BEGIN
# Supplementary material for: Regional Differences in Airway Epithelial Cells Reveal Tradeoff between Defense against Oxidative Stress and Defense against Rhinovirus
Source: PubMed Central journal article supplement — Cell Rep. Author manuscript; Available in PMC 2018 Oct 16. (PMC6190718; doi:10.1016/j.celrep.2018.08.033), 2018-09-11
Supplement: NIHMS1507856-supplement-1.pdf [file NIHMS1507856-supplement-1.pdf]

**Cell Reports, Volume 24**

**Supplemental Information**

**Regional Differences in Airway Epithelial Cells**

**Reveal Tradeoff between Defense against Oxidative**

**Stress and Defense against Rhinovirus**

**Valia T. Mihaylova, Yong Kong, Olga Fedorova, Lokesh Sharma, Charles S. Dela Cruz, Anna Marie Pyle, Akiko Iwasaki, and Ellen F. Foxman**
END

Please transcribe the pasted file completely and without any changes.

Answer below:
# Supplementary material for: Regional Differences in Airway Epithelial Cells Reveal Tradeoff between Defense against Oxidative Stress and Defense against Rhinovirus
Source: PubMed Central journal article supplement — Cell Rep. Author manuscript; Available in PMC 2018 Oct 16. (PMC6190718; doi:10.1016/j.celrep.2018.08.033), 2018-09-11
Supplement: NIHMS1507856-supplement-1.pdf [file NIHMS1507856-supplement-1.pdf]

**Cell Reports, Volume 24**

**Supplemental Information**

**Regional Differences in Airway Epithelial Cells**

**Reveal Tradeoff between Defense against Oxidative**

**Stress and Defense against Rhinovirus**

**Valia T. Mihaylova, Yong Kong, Olga Fedorova, Lokesh Sharma, Charles S. Dela Cruz, Anna Marie Pyle, Akiko Iwasaki, and Ellen F. Foxman**